• Jeaiza Quiñones

If So Many Caribbean Women Are Dark-Skinned And/Or Plus-Sized, Why Aren't We Represented In Media?

Updated: Oct 8, 2019

Remember that Scandal episode when Eli Pope told Olivia, "you have to be twice as good as them, to get half of what they get?"


That discussion was related to Olivia's experience as a Black woman in a world that prioritizes and rewards White people for half the effort. A lot of Black people live that experience. A lot of us can relate. Today, I'm thinking of that quote in relation to plus size and/or darker-skinned women in the Caribbean (...and the world for that matter.)


In a world where women like Lizzo and Lupita Nyong'o are finally finding mainstream success and admiration, people may want to comfort themselves by believing that we finally live in a truly body-positive society. It's true that we have made progress (mostly as a result of activism by Black women) but it's still an every day struggle for those of us who live in these bodies. In the Caribbean most women are considered plus-sized (68% of American women wear a size 14 or above.) Even more women have darker skin complexions. It's not uncommon for Caribbean people to see plus-size women, dark-skinned women, or women who can be described as both in our every day lives.


You would think that as much as we see these women in our communities that we'd see them in tourism and carnival advertisements or reposted on popular social media pages that claim to celebrate the "beauty" of Caribbean women. Turns out we don't.


Many of us have experienced carnival first-hand and are used to seeing plus size women coming down the road in elaborate costumes; smiling, happy, confident, and "wukkin up" without a care in the world.


Yet when local carnival troupes/bands release their promotional photos for their annual costumes the models tend to reflect a more slender image; one that promotes the idea of the stereotypical "perfect" body with no cellulite, overlap or thigh-touch to be found.


When local tourism advertisements come out, we see dark-skinned men accompanied by racially ambiguous women. Other times we see White couples frolicking on horse-back and living-la-vida-island. While those women are without-a-doubt beautiful, it makes a lot of us wonder where the dark-skinned women we know and love were when these casting calls happened. Why is the projected image one that insinuates that Caribbean women can't be plus-size or of darker complexion?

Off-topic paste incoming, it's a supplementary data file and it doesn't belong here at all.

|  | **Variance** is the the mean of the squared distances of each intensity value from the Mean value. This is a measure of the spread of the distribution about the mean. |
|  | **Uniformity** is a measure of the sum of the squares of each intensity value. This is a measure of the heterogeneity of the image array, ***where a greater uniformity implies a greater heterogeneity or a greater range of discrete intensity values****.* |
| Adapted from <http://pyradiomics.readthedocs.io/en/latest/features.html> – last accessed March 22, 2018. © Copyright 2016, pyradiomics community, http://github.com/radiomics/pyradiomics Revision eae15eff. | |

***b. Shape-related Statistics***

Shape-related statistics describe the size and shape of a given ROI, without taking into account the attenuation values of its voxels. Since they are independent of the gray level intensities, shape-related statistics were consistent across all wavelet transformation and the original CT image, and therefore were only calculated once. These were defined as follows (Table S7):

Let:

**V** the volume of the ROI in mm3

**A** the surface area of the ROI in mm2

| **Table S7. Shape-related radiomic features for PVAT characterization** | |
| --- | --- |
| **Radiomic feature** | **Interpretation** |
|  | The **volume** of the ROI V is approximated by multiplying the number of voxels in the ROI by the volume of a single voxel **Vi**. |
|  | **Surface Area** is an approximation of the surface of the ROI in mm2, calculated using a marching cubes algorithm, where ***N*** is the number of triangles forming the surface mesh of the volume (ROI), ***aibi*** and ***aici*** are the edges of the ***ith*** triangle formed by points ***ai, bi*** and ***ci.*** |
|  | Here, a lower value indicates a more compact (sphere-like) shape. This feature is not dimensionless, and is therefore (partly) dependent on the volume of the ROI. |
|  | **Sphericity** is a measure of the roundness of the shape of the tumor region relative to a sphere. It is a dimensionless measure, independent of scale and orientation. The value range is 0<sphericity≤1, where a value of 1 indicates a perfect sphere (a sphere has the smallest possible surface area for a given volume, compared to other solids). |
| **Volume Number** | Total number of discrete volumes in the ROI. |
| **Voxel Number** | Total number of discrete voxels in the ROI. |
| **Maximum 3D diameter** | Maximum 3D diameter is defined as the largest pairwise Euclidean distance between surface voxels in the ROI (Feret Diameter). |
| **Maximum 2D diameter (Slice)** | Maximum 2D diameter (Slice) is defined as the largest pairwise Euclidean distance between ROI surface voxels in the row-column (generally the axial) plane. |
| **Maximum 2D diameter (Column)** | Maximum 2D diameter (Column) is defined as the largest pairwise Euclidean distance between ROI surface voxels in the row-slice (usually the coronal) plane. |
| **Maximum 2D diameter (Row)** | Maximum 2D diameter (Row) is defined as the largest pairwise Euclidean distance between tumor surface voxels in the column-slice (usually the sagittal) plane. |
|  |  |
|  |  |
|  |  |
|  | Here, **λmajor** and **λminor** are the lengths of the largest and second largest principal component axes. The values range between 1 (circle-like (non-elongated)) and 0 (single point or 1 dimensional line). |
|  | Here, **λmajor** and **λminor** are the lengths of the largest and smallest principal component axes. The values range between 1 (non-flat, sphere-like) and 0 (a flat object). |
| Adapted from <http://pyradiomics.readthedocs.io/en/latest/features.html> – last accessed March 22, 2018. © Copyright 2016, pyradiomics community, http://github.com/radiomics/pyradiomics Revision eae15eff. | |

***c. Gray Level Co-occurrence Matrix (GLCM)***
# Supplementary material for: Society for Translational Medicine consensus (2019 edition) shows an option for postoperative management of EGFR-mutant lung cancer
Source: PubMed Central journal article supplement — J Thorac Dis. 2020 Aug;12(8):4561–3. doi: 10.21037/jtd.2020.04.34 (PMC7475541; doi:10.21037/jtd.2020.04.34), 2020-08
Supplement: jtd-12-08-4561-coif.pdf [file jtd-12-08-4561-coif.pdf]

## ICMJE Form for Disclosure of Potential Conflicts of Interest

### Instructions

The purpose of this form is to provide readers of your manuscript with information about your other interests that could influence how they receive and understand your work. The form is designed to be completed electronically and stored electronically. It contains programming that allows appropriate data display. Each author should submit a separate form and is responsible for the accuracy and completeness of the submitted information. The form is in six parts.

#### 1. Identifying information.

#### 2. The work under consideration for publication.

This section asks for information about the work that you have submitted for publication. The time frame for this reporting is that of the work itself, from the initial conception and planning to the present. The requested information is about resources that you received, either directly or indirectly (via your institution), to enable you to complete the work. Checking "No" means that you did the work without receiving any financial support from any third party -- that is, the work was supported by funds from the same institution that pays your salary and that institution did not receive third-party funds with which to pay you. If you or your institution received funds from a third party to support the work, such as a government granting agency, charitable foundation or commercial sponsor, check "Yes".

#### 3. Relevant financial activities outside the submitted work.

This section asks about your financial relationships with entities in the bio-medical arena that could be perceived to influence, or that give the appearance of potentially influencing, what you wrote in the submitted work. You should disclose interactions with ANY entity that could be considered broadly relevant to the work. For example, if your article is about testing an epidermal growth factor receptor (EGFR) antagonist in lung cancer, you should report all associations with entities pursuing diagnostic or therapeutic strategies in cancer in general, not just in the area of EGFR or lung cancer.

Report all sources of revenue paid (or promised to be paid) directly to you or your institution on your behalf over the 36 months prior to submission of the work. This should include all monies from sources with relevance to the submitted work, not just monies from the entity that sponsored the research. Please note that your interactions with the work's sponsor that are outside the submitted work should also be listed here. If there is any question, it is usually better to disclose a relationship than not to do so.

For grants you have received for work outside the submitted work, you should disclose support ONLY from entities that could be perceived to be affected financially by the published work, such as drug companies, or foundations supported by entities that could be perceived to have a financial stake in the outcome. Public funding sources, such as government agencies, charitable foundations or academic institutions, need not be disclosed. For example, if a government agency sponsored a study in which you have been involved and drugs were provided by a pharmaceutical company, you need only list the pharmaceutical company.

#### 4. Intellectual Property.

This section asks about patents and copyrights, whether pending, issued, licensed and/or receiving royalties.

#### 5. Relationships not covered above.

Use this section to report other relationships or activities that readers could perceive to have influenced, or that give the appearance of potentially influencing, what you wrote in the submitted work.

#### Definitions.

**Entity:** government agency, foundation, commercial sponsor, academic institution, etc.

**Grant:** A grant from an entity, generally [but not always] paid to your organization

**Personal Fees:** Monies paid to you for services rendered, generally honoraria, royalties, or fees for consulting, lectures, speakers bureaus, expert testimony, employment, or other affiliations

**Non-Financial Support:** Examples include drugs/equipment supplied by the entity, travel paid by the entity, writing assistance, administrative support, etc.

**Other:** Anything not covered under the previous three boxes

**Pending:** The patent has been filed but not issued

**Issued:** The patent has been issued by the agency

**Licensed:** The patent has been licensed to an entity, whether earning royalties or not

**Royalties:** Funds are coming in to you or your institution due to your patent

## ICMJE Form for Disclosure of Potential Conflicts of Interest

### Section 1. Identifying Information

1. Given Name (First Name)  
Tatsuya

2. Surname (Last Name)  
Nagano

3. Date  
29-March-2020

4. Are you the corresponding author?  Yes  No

When I post a picture people like, a challenge, or a project I'm working on I tag a lot of the same pages that people in my niche do. When I wear a local company's clothing I tag them; every time. The influencers from back home that I follow do the same, and I often see their photos reposted on that brand's main feed. I even see pictures of them reposted on the feeds of other pages that celebrate Caribbean or USVI bloggers/influencers/women.


My pictures are shared sometimes - on Instagram stories. I get a quick 24-hour repost and then I disappear. Or (if I'm lucky enough) the brand will like my picture and then move on. No matter how good the picture is. No matter how many times I wear that brand's clothing and share it with my followers. No matter how many likes the photo gets or how big following is. I get minimal effort.


The other day a popular page back home posted a challenge I'm hosting for the month of October on their feed. The challenge is about celebrating madras fabric, a staple in our culture. They messaged me ahead of time to let me know that they would be sharing with their followers because they thought the challenge was great. I was very excited about it because this page is popular with Virgin Islanders. I was excited about both my challenge and my personal page getting some exposure for my work. Then the post went up, and it wasn't me.


The page opted to use a popular model from back home who happened to be wearing madras. There were other pictures included, one of which was me in a madras head wrap.


Don't get me wrong, I am grateful that this page even chose to repost my challenge. I am grateful that I was still included in the group of pictures they chose to use, but I was still hurt that of all the pictures they chose to be the cover of that story - the person who created the challenge in the first place wasn't the obvious choice to use. If this was an isolated incident I would have brushed it off and not allowed it to hurt my feelings; but this was one of many incidents where despite how hard I've worked at something I am never the choice for promotion. A thinner woman is.


I write this post not to complain or list my grievances, but to hopefully get others to question why things are the way that they are. Why are dark-skinned women non-existent in Department of Tourism advertisements?


Why do carnival troupes avoid using plus size women to promote costumes that plus size women buy? Why are there no plus size or dark-skinned women on Instagram pages like Caribbean Beauties?


If women like us are so common and supposedly celebrated - then where are the celebrations?





Cover Image: Anquanette Gaspard (@cruzanfoodie)

Photo By: Chalana Brown


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